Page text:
When I first started writing, I'd ride my bike to work. I always had an office job and a gallery job, two or three or more part-time jobs piled up on top of each other. I still have a version of that. In the early evening, on the way home I'd swing by Powell's. I'd rather ride my bike in the dark than during a rush hour commute, and Powell's Books was a place to wait out the most traffic-filled hour and a half or so. I'd read, drink coffee, and almost every night it seemed there was an author reading, if I wanted to stick around.
Dropping by the constant stream of readings at Powell's in that casual way had a lot to do with making the possibility of being a writer real for me. There were writers around, all the time.
One memorable night I saw Joy Williams. Williams is the author of many books, including, State of Grace, which I'd just finished reading at the time. She's since written The Quick and the Dead, and Ill Nature, and more. When I saw her read, she was deeply tanned. That was exotic! She was a visitor to our land of rain and clouds. She was wearing all white, layer on layer, with a big silver necklace laying low against her clavicle. As I remember it, her lips were dry, and cracked, and during the reading started bleeding. It wasn't a lot of blood, but enough to make me worry about her pure white, draped shirt. She didn't worry. She kept going. She was fantastic; her reading was troubling and brilliant. I cooked up a plan, and eventually I went to the University of Arizona, where she was teaching, for grad school.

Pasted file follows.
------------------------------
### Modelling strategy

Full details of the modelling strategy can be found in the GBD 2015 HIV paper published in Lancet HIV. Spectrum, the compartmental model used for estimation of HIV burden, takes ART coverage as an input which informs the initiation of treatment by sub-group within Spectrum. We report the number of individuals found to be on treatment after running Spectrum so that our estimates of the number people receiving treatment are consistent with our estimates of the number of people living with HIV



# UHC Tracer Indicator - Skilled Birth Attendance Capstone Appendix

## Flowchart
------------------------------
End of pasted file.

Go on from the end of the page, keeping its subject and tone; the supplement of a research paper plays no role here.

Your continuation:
I studied with Joy Williams, inspired by seeing her at Powell's.
Now my second novel is out. This week I've had the thrill of being the author behind the podium. Such a fantastic crowd! During the Q&A after the reading, I was happy to be able to call on people by name, to be reminded of how wonderful the Portland writing community is. It's not always easy ? writing is hard. Staying in one place, growing up, sometimes making mistakes, watching everybody struggle along together as we build lives, can be a complicated navigation. But staying in one place is rewarding, in this way of feeling close to so many wonderful people. I'm thankful for all of it.
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